Age-Related Changes in Immune Function: Immunosenescence and Immune Modulation

Cellular and molecular hallmarks of aging immunity
Advantages and disadvantages of immune modulation
Boosting immunity in the elderly
The clinical perspective
Further reading

Immunosenescence can occur in the elderly or aging population and involves a decrease in many immune functions, which leads to the immune system having reduced efficacy when responding to infections or vaccines.

Image Credit: Yuganov Konstantin/

Image Credit: Yuganov Konstantin/

The aging process includes a complex and intricate biological development that greatly impacts several organs and biological functions, resulting in aging being a significant risk factor for geriatric diseases. The progressive reduction in physiological homeostasis can cause impaired function and increased susceptibility to comorbidities, opportunistic infections, and even death.

The occurrence of immunosenescence can cause low-grade chronic inflammation as well as a progressive decline in an individual’s ability to stimulate antibody and cellular responses effectively.

Cellular and molecular hallmarks of aging immunity

There have been nine hallmarks that have been associated with the aging process, including (i) genomic instability, (ii) telomere reduction, (iii) epigenetic modifications, (iv) proteostasis loss, (v) deregulated nutrient sensing, (vi) dysfunction in mitochondrial processes, (vii) cellular senescence, (viii) stem cell decline and (ix) changes in cellular communication.

These hallmarks represent common denominators found in the aging population, which account for dysregulation of mechanisms responsible for cellular damage, decline in mechanisms that typically counter damage in the body, causing damage to be exacerbated, as well as collective damage that homeostatic mechanisms cannot reverse.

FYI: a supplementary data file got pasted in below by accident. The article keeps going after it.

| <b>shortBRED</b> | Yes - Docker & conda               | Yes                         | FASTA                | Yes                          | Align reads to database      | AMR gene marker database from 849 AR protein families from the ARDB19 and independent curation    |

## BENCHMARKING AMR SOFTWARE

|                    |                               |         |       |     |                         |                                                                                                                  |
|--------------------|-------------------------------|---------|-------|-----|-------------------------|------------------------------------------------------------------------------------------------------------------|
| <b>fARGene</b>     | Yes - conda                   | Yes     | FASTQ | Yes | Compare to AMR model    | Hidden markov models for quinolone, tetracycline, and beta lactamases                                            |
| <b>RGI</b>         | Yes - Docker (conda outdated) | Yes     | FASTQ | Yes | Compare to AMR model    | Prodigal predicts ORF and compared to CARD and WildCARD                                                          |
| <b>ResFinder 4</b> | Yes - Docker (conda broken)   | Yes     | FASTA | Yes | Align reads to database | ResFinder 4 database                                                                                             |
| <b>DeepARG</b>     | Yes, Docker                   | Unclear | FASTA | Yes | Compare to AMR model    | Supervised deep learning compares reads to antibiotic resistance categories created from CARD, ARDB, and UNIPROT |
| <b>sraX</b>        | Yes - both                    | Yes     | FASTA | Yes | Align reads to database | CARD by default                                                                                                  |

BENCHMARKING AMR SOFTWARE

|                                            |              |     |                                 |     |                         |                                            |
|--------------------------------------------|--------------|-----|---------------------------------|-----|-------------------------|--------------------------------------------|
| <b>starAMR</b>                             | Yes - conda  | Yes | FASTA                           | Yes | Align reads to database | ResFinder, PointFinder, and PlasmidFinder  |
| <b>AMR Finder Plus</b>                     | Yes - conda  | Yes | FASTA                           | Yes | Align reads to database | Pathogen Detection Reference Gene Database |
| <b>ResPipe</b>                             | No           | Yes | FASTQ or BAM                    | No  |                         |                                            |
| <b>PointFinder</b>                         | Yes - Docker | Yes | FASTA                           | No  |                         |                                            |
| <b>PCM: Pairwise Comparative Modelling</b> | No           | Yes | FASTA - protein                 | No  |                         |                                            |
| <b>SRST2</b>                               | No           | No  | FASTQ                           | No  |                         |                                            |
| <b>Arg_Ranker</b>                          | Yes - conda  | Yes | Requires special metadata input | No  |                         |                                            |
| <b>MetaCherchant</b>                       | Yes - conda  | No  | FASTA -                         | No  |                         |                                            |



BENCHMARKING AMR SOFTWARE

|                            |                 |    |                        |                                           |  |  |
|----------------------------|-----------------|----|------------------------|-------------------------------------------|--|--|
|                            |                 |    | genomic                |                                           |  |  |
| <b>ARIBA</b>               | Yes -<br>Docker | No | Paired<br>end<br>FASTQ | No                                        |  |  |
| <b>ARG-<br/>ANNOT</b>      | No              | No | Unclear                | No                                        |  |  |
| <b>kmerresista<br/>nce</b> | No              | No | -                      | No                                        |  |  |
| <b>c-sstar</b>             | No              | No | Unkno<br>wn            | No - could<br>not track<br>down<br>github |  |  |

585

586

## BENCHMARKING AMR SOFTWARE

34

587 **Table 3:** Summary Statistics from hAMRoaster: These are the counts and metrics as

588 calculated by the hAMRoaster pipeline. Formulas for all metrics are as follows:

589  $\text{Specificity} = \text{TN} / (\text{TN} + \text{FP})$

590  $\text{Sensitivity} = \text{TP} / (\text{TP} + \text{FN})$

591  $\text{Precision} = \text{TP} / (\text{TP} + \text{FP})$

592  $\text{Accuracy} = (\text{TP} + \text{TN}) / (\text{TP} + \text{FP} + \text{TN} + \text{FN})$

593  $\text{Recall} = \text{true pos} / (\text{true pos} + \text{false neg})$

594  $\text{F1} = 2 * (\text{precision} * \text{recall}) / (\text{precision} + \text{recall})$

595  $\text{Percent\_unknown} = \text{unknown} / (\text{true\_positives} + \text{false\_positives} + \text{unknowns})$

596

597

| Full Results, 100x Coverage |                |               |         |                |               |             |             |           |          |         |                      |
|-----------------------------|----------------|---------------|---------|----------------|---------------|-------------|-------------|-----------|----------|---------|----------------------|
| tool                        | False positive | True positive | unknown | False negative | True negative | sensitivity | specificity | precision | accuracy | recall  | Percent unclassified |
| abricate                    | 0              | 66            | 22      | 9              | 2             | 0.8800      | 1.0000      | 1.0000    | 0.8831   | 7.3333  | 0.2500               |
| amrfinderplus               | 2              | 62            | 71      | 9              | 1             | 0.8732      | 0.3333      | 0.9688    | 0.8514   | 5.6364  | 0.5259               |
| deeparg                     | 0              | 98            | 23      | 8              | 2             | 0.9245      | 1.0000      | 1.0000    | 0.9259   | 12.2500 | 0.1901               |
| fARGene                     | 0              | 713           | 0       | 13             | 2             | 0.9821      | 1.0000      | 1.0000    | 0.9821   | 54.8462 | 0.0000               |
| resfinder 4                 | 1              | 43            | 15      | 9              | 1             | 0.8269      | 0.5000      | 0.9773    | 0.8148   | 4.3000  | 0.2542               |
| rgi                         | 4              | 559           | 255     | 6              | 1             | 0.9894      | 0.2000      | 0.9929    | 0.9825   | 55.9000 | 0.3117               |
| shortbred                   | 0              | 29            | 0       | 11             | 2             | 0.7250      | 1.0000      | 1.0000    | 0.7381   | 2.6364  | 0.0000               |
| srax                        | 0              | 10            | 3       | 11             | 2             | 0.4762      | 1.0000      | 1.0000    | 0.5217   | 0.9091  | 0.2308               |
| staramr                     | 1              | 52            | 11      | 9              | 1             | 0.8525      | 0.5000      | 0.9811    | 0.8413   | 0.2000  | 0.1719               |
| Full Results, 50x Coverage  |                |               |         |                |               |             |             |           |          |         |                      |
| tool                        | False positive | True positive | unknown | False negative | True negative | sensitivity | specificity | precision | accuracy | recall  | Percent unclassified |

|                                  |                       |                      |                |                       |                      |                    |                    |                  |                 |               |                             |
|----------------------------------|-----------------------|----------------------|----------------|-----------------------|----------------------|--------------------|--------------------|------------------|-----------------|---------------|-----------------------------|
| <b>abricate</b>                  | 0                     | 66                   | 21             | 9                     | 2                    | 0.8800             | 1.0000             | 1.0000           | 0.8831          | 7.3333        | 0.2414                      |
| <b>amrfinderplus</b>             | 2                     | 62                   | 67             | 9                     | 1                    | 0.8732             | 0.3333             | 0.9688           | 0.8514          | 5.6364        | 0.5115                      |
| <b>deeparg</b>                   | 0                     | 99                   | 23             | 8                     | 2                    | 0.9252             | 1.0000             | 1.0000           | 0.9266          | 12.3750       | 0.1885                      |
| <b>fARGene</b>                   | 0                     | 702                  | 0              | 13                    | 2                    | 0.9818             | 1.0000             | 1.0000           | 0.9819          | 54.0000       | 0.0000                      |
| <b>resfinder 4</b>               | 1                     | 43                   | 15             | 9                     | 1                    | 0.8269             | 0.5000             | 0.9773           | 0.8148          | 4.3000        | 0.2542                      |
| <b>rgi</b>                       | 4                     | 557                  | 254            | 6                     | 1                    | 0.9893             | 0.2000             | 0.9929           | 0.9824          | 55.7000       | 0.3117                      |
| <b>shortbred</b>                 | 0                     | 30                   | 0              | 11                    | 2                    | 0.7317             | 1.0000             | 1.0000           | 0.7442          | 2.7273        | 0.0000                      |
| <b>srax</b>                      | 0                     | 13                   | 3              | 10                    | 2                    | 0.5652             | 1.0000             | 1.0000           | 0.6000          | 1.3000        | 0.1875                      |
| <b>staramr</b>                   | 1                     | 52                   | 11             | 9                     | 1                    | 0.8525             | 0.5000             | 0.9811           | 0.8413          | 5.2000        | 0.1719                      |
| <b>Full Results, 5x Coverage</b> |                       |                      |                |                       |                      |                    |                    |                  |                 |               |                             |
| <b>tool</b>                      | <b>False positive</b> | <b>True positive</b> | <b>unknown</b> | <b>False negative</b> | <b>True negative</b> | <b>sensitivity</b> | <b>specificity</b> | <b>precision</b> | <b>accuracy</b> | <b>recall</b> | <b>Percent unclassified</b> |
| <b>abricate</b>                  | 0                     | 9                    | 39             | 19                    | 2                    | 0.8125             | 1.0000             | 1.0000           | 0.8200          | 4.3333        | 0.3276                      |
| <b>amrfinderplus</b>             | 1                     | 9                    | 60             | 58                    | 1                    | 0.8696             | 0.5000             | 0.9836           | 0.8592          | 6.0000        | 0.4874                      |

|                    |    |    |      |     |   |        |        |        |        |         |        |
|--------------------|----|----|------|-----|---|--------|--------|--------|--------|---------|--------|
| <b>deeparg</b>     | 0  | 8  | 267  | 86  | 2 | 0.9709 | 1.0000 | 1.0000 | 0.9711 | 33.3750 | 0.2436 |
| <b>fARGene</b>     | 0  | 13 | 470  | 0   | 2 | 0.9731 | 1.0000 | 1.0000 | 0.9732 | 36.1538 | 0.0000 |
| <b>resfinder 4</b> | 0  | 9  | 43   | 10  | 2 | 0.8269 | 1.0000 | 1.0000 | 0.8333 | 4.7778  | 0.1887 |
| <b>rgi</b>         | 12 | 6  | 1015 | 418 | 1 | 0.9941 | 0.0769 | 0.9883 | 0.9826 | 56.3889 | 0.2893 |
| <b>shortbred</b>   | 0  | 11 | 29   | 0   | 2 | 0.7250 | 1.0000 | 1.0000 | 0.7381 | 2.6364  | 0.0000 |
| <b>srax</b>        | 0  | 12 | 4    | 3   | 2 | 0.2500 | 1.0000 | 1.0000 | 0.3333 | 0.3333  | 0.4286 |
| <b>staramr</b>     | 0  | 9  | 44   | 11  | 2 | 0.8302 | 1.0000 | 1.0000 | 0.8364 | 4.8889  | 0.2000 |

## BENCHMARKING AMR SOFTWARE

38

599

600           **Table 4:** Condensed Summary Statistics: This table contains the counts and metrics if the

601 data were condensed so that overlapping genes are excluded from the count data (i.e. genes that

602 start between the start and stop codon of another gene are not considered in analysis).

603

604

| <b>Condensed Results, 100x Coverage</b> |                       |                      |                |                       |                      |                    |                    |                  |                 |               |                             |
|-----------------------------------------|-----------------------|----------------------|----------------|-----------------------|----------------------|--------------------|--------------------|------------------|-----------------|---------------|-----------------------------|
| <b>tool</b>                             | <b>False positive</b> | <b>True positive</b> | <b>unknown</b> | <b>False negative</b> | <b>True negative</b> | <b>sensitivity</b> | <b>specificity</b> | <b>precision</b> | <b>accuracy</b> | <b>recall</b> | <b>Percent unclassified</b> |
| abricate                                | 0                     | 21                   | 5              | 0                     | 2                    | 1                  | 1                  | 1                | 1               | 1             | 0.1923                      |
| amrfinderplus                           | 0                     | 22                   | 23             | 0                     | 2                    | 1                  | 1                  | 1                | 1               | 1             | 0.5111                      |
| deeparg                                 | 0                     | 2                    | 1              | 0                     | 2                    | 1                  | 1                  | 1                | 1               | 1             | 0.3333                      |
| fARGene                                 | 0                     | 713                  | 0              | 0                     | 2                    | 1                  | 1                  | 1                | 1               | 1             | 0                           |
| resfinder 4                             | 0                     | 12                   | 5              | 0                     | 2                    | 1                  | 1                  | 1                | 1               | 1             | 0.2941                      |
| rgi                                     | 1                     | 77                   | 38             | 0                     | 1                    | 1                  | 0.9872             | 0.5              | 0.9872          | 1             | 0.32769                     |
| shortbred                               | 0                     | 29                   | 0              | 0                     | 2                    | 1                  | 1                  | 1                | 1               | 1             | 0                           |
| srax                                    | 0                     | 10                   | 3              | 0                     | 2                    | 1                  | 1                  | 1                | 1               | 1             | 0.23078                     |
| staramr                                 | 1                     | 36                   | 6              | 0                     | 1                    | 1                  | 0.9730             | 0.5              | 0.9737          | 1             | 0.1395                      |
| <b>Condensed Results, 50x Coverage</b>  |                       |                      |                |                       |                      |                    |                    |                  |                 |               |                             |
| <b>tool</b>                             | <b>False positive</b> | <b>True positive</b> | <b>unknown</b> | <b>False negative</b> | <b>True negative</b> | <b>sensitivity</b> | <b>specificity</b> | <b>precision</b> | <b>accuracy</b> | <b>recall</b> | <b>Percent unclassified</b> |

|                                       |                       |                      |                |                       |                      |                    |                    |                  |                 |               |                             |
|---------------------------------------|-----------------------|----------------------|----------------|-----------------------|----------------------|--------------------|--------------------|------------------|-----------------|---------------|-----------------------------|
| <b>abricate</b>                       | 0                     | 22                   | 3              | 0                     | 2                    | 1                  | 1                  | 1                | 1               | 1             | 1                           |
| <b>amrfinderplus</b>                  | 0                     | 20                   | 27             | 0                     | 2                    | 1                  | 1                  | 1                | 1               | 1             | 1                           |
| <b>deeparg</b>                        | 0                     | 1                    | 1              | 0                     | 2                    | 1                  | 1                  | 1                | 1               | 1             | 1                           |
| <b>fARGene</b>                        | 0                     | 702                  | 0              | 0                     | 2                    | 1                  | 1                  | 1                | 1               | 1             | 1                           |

The trans-NIH Geroscience Interest Group (GSIG) has developed an initiative that aimed to identify the drivers of aging, with seven mechanistic interactions being pursued as the main pillars of research, including inflammation, adaptation to stress, epigenetics, metabolism, macromolecular damage, proteostasis, and stem cells.

This initiative overlaps the nine hallmarks proposed, and the potential of this research may hold significant implications for the rate of aging and delay of chronic disorders found in the aging population.

The hallmarks of aging comprise immune cell dysregulation, while other cells progress towards an apoptosis-resistant inflammatory phenotype without the capacity to replicate, known as a senescence-associated secretory phenotype (SASP). SASP can cause increased production of specific cytokines, chemokines, microRNAs, as well as pro-inflammatory signals that are involved in the mediation of immune cell migration and activation.

This phenotype progresses the low-grade chronic inflammatory state that is observed frequently in the elderly population and further advances the dysregulation of immune cells.

Advantages and disadvantages of immune modulation

Immunosenescence is usually associated with the failure of the adaptive immune system, including B and T cells. However, evidence also shows the impact of aging on the functionality of the innate immune system.

B cell production, which is fundamental for the immune system, has been shown to decrease with age, and this has been associated with a decline in progenitor cell populations, ultimately impacting protective antibody responses over time, including the development of memory cells after infections or vaccinations.

An example of an immune cell affected by aging includes neutrophils, a phagocyte that holds a significant role in inflammation in order to eliminate pathogens through phagocytosis.

Neutrophils hold a critical role in immune modulation, with this immune cell being recruited to infection sites rapidly due to proinflammatory cytokines and chemokines being produced, such as IL-1, IL-8, and TNF-α. These immune cells clear pathogens in the site of infection through phagocytosis as well as releasing antimicrobial proteins, and once their role is complete, they undergo apoptosis or cell death.

Image Credit: Anusorn Nakdee/

Image Credit: Anusorn Nakdee/